Others may see a FA option out there that Dubas could sign in the neighborhood of $2-3 million to partner effectively with Jake Muzzin, but I am not convinced this player is available, and there is a valid bird-in-hand argument that applies here. It’s not easy to find mobile right-handed NHL defensemen with size who are known quantities to the coach, fit the system, can defend pretty well, kill penalties, move the puck just fine, chip in .35 points per game without power-play time, and have established chemistry with your most important 5v5 defenseman (Muzzin). Not affordably under the Leafs’ cap constraints, anyway.
Holl’s 5v5 results next to Muzzin were very strong this past season. Under tough assignments, they broke even in shot attempts, owned 53% of the shots on goal, 55.6% of the expected goals, and outscored the opposition 42-30. They started just 46.8% of their shifts in the offensive zone, by far the lowest of the Leafs’ three regular pairings. Holl may not be able to buoy a top-four pairing apart from a partner as strong as Muzzin, but going back to their 2019-20 numbers (which were also good), Holl complements him well and he is signed for $2 million AAV for two more seasons.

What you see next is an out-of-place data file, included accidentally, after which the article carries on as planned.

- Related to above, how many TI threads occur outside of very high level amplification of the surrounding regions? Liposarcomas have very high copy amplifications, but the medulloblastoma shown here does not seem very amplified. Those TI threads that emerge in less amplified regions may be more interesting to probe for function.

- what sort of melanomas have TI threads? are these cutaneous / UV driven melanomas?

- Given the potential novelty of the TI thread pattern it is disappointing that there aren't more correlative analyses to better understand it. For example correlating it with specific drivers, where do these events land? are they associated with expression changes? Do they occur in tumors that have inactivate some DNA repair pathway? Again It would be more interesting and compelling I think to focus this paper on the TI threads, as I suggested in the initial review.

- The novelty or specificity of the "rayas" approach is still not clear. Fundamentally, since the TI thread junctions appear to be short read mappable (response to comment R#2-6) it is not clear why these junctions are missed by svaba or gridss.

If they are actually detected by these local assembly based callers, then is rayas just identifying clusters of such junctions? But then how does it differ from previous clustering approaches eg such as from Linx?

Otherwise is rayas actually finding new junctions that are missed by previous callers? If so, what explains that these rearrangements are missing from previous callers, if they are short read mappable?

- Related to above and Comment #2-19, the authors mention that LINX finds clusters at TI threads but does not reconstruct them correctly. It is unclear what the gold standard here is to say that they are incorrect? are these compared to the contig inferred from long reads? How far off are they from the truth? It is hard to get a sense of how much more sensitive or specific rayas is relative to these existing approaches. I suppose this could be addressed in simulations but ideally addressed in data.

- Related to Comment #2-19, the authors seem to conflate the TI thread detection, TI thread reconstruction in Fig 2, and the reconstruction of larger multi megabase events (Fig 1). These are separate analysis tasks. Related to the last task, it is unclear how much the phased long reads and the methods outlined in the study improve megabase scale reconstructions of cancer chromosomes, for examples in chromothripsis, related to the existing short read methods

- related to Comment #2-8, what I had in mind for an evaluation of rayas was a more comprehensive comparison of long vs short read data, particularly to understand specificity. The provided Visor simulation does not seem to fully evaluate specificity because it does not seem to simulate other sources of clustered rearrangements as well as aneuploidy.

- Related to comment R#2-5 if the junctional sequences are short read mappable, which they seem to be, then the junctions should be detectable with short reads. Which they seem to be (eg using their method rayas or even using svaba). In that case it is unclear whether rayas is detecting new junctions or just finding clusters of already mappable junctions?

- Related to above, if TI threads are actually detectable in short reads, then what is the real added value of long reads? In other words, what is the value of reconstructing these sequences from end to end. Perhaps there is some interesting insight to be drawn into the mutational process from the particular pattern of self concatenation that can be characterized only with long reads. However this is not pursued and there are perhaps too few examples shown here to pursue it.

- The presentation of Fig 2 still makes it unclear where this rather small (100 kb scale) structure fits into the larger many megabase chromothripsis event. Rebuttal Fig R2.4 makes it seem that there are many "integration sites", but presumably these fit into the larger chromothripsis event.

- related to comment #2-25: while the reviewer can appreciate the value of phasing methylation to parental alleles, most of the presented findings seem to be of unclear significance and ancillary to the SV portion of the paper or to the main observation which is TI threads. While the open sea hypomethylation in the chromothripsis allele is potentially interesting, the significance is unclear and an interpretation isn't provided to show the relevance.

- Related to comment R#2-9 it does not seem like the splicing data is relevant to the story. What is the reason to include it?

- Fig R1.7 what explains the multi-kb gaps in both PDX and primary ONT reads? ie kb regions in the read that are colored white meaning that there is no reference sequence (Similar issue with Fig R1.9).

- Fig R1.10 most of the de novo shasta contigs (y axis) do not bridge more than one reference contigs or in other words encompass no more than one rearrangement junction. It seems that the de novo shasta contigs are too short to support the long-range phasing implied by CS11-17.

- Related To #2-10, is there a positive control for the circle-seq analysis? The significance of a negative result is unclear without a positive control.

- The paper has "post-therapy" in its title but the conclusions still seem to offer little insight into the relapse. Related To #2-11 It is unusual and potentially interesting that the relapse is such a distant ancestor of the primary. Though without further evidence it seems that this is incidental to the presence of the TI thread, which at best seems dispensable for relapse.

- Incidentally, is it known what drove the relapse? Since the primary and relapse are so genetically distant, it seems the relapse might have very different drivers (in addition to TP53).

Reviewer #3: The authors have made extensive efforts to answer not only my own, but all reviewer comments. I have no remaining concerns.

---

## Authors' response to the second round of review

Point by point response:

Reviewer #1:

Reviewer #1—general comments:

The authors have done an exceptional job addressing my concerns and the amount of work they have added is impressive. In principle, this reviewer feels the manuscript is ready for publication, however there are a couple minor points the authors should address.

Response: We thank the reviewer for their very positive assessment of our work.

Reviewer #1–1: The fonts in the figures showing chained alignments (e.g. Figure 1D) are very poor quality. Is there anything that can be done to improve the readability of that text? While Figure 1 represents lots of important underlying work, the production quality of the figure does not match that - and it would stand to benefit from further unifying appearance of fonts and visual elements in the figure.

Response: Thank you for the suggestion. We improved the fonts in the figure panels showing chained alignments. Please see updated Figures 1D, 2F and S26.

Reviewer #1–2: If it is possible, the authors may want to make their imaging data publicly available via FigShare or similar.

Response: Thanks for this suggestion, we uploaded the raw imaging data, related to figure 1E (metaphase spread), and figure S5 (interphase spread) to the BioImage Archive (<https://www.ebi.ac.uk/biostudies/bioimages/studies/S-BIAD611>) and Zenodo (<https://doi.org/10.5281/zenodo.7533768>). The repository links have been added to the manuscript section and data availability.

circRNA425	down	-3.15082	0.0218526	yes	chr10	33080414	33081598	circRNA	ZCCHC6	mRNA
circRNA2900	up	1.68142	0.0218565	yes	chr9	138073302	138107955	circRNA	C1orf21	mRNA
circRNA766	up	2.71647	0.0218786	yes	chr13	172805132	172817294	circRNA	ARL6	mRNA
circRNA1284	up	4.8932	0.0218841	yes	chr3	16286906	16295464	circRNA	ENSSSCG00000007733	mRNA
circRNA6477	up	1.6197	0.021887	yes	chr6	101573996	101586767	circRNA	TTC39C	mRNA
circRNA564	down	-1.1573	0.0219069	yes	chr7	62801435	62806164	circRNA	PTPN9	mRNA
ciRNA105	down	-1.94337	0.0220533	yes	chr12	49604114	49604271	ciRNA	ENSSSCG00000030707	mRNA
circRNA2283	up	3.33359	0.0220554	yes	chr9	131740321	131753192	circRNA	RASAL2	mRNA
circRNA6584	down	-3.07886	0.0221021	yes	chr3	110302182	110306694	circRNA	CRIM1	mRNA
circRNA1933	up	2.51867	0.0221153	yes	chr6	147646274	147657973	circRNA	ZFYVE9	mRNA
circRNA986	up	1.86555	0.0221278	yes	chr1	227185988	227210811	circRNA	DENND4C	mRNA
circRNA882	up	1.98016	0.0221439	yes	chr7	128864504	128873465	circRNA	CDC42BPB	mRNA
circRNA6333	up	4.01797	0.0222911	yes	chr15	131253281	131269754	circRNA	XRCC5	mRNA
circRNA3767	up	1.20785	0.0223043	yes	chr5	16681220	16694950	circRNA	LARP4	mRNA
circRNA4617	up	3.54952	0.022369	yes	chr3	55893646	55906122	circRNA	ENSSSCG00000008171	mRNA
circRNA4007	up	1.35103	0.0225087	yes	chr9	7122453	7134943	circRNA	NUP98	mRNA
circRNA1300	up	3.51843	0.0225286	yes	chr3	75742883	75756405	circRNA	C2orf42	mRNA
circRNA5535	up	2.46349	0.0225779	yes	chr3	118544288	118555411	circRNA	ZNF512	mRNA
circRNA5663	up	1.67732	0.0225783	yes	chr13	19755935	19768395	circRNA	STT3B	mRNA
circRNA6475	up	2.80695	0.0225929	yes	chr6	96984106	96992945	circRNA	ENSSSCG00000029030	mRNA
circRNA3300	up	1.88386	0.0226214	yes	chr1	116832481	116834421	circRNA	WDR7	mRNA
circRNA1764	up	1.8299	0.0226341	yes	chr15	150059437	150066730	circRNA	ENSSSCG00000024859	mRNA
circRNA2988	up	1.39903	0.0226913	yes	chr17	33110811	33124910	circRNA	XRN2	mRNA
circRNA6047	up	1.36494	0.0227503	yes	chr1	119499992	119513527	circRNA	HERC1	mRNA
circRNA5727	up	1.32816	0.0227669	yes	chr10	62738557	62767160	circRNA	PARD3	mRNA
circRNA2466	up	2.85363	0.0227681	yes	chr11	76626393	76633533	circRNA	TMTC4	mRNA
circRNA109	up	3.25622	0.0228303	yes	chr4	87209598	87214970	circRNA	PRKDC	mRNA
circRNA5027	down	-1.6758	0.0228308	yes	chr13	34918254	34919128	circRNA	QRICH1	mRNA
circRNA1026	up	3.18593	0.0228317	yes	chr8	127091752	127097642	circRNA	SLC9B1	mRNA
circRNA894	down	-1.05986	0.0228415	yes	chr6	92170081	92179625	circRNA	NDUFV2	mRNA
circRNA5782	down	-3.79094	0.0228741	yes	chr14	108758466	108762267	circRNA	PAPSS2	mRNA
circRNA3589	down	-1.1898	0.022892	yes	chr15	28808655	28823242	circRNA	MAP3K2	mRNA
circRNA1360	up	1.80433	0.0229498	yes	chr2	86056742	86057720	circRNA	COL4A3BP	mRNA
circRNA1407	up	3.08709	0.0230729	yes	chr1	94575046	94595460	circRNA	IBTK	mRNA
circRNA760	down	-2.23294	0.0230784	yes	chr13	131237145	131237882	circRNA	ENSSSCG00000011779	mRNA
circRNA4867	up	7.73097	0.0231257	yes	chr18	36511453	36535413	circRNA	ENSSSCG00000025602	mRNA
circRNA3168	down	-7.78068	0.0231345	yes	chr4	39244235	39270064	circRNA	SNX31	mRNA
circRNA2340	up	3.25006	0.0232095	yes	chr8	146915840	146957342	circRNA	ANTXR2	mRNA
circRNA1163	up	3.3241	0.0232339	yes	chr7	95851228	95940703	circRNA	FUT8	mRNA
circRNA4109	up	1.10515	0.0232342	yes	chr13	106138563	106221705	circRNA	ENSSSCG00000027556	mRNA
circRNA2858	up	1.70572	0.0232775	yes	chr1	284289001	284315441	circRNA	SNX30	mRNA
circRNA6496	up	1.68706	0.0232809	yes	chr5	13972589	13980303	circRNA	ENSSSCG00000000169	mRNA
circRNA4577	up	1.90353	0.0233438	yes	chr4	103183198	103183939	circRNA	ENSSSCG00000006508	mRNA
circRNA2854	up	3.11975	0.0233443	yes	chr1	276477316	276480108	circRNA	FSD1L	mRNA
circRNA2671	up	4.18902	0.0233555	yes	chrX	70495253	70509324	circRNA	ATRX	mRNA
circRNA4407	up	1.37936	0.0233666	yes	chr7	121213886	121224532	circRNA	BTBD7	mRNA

There could be an argument made for losing Holl and moving Brodie next to Muzzin in the shutdown role — which had great results in very limited minutes — but now you’re back to the age-old dilemma of finding the right partner for Morgan Rielly, and the answer is probably not available internally as early as this Fall.
All of this headache would be incurred in order to keep a middle-six winger/center in Kerfoot or McCann who are paid $3-3.5 million to play about 14-15 minutes a game and produce between 35-45 points based on their career averages. Both are decent players — McCann offers more offensive upside, particularly with his shot — but they are not difficult players to replace if Dubas is doing his job well. In fact, there should be more value to be squeezed out of $3.5 million than what Kerfoot has been providing with his regular-season contributions.